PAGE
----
Humans Give Meaning to Machines in the 4IR Workplace

The Fourth Industrial Revolution (4IR) is fundamentally changing the world around us, and technological advances like artificial intelligence, machine learning and digitization are increasingly affecting how we live, work, communicate, learn and play. 

Against this backdrop, the science of data analytics is the “gold rush of the modern age,” where businesses are using technology to mine valuable information to better understand consumers and then develop products and services that cater to their unique needs. Within this evolving scenario, the big questions are: “What role will people play in the extraction of actionable data?”, and “Which careers are being created as a result of these expanding possibilities?” These were key questions discussed during Nielsen’srecent The 4th Industrial Revolution is Arriving panel at the Science Technology and Maths Conference (STEM) in Northgate, Johannesburg. 

Speaking at the event, Nielsen Africa & Middle East Data Science Lead Jason Naicker said, “Within the context of the 4IR, machine learning has automated repetitive, time-consuming tasks, which include data gathering. But collection of information is only one aspect of this data revolution. The important question is, ‘What type of analysis and insight is required to apply meaning to that information?’ This is where humans can teach machines to translate inputs from the physical world into usable information.” He added, “I like to describe it as employees becoming the ‘DaVincis of data’! We’re all becoming ‘artists’ by creating and shaping information for a better business bottom line.” 

Jason pointed out, however, that companies can only meaningfully translate data from the real world into actionable opportunities when they design their workplaces to be more humanistic and creatively orientated. 

The power of people

Also speaking at the event, Nielsen Sub-Sahara Africa HR Director Maya Govind said that 4IR has emphasised the importance of diversity and the inclusion of a variety of thought, experiences, skills and backgrounds in the talent mix. “We are a global measurement and data analytics company, but our business is not only about the numbers; it’s also about understanding the people behind those numbers. For this reason, we don’t only look at science and math qualifications in prospective employees. We also value diverse skill sets, including degrees in psychology and sociology, which have a huge relevance to the day-to-day work at Nielsen.”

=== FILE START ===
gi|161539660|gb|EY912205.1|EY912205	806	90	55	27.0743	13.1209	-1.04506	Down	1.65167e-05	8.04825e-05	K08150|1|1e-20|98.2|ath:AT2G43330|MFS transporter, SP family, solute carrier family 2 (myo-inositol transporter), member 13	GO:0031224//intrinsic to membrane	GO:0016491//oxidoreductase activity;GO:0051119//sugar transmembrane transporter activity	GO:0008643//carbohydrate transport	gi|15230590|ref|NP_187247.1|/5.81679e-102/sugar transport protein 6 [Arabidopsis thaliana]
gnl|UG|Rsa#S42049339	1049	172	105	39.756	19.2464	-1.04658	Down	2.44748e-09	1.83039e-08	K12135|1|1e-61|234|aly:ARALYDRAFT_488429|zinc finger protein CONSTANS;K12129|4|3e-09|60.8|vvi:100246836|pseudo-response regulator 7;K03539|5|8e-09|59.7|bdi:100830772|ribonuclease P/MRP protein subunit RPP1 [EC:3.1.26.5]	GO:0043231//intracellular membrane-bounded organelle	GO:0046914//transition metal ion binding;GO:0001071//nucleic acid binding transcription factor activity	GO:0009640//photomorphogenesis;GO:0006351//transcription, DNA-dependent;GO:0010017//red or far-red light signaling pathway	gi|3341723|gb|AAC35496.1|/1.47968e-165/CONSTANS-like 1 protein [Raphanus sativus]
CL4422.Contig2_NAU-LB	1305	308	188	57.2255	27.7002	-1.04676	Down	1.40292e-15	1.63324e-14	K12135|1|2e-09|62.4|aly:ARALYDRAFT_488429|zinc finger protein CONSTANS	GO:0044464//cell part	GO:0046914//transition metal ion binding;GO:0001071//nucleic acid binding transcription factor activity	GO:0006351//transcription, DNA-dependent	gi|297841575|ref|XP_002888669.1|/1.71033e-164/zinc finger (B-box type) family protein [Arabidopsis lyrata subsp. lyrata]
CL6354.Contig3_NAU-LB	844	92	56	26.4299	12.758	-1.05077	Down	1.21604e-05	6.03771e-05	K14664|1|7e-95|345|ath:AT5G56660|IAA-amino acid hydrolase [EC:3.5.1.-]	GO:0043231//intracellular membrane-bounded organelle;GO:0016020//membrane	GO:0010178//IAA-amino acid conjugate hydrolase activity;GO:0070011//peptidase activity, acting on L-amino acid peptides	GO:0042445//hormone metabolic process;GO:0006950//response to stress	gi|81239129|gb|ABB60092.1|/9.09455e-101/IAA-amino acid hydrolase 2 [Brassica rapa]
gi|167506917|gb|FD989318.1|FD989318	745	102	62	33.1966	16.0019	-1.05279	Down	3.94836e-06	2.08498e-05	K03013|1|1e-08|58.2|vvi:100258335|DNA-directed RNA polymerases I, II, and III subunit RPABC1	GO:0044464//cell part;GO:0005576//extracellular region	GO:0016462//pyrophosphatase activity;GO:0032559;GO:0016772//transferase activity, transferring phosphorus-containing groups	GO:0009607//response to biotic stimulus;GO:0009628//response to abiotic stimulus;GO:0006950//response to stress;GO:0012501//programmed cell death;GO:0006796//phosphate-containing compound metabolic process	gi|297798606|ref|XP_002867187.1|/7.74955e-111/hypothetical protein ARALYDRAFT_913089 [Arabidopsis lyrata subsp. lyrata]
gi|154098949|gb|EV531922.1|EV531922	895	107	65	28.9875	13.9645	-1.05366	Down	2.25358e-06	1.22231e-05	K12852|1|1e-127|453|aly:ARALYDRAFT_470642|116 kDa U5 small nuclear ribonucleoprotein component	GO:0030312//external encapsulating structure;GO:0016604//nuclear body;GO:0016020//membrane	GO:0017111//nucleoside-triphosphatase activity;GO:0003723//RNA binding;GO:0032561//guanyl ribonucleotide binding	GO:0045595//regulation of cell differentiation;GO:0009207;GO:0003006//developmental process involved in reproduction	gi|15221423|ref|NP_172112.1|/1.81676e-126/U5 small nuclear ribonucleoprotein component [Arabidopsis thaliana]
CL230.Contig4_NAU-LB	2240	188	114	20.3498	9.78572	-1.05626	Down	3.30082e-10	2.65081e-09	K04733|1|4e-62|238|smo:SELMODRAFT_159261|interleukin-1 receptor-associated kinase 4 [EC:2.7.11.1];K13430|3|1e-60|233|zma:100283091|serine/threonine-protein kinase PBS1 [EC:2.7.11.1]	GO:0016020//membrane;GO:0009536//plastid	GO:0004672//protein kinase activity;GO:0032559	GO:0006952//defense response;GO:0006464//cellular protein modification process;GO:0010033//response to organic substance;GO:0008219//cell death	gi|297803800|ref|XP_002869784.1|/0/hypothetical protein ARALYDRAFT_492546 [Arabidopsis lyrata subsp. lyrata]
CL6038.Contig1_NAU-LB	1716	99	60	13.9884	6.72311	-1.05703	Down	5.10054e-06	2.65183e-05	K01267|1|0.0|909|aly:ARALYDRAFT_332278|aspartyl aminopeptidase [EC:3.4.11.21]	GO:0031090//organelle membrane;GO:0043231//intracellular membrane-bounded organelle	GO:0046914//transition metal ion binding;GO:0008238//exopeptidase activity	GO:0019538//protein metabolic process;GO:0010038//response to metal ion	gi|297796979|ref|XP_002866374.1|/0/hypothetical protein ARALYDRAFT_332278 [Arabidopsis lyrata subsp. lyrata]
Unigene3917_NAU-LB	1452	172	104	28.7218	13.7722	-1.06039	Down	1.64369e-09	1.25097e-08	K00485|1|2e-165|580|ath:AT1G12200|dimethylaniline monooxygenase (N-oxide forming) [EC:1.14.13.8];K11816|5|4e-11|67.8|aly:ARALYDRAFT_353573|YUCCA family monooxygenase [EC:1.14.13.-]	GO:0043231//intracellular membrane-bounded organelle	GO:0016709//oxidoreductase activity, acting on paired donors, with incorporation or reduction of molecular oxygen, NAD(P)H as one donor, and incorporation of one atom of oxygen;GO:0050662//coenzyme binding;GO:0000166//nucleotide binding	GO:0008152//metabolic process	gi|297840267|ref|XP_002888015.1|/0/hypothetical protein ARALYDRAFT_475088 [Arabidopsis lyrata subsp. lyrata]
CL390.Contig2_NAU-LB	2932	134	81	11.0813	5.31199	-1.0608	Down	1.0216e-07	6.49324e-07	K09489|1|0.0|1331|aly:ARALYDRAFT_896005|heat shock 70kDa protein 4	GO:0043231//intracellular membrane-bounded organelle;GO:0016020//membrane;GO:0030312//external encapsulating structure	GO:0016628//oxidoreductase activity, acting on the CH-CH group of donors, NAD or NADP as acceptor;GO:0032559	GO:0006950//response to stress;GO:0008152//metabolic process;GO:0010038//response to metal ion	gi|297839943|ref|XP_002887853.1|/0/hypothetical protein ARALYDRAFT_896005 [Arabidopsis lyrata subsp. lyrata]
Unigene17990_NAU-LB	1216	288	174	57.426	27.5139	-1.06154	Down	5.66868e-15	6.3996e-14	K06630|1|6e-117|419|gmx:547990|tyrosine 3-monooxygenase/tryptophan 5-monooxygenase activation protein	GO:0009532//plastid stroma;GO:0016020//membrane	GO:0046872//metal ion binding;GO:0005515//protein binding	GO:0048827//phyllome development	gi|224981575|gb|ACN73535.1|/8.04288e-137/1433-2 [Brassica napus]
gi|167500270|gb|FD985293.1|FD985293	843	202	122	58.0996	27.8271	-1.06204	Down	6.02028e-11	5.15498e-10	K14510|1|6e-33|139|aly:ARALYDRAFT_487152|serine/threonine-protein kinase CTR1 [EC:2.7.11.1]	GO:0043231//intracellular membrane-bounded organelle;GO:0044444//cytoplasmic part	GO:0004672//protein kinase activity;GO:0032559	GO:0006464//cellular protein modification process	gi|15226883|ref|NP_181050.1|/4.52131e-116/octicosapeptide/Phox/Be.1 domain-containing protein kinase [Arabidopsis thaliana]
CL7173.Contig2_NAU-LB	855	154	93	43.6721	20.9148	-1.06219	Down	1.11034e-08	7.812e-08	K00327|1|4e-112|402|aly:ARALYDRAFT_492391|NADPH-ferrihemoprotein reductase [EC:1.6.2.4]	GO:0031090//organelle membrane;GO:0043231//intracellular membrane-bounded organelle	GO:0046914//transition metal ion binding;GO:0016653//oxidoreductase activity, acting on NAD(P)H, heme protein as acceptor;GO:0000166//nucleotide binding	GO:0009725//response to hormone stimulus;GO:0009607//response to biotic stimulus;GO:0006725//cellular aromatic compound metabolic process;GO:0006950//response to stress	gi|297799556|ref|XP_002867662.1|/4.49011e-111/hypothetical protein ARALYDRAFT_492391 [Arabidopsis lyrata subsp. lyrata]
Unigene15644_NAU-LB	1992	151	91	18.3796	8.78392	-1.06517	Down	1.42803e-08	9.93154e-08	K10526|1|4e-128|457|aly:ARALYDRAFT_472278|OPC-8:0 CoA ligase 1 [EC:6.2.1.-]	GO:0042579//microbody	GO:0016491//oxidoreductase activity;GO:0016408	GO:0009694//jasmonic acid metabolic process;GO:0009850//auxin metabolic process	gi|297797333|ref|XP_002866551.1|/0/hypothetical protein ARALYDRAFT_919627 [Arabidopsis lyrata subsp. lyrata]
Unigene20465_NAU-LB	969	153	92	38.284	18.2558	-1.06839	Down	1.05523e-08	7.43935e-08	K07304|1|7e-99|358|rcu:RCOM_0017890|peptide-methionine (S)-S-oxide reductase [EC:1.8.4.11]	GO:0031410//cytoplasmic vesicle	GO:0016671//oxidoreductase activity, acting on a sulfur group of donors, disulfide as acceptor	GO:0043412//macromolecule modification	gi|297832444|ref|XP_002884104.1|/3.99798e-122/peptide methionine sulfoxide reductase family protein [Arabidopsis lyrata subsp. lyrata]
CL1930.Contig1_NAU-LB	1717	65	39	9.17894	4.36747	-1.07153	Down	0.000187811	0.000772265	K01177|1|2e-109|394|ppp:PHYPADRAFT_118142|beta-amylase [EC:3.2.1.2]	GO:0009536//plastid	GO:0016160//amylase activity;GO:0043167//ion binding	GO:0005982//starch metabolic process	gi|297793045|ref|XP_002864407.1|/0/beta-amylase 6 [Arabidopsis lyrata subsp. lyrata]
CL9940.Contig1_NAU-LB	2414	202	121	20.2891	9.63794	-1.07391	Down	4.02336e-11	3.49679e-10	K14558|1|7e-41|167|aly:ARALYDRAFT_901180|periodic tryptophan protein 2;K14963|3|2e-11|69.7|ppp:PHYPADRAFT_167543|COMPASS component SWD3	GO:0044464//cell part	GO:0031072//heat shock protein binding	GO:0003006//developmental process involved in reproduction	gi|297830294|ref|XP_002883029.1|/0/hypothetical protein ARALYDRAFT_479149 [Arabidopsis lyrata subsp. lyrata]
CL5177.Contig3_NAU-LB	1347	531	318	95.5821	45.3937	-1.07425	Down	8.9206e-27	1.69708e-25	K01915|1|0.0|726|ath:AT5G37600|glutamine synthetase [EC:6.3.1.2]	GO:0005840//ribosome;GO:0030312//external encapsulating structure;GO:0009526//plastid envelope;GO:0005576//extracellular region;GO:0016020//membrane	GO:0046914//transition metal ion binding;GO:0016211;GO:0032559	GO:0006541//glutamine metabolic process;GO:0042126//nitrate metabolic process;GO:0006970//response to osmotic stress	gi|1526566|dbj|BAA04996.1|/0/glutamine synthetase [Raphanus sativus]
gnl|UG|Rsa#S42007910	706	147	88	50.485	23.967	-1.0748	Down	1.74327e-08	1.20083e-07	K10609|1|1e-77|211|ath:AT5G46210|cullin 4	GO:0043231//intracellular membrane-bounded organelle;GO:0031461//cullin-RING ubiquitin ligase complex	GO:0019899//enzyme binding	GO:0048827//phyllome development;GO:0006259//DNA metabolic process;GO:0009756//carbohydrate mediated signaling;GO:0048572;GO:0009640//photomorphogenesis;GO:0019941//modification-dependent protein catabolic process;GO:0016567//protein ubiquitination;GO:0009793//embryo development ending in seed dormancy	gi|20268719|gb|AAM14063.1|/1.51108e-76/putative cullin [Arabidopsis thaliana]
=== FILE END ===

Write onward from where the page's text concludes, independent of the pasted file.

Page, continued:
Maya stressed that companies need to appreciate the difference between technical competencies and behavioural competencies. “Technical skills are transient skills—they come and go and change all the time. You need deep, humanistic skills of understanding, empathy and human-based analysis.  As a result, emotional intelligence (EQ) has gained more attention in recent years and is one of the critical skills in the 4IR. This is underpinned by key skills like complex problem solving, critical thinking, creativity, people management, judgement and decision making, negotiation and cognitive flexibility.” 

On the subject of machines replacing human labor within a 4IR world, Maya commented, “It’s important to understand that this won’t mean fewer jobs for humans, but rather different ones. In fact, most of the jobs that our current generation of pre-school children will go into don’t even exist yet. So is there longer-term job stability? Maybe not. But will there be jobs? Absolutely, but they will require the evolution of current skill sets.” 

The ‘Gamification’ of learning

Maya also discussed how Nielsen has embraced the latest 4IR technologies in its on-the-job learning initiatives. This includes the concept of “gamification,” which creates a shared, virtual experience of on-the-ground scenarios that allows users to learn faster and in a far more interactive manner. 

She clarified, however, that gamification is just one aspect of Nielsen’s approach to learning. “We utilize a variety of learning platforms—virtual and real world—for different types of skills training. Classroom learning, for example, will always have a place. After all, you can’t learn a core capability like leadership on an app!” 

In conclusion, Maya noted; “This multidisciplinary approach to learning stems from our aim of providing Nielsen employees with the experience and training to prepare them to take on progressive levels of responsibility and complexity and achieve their full potential in this new world of data, insight and analysis.”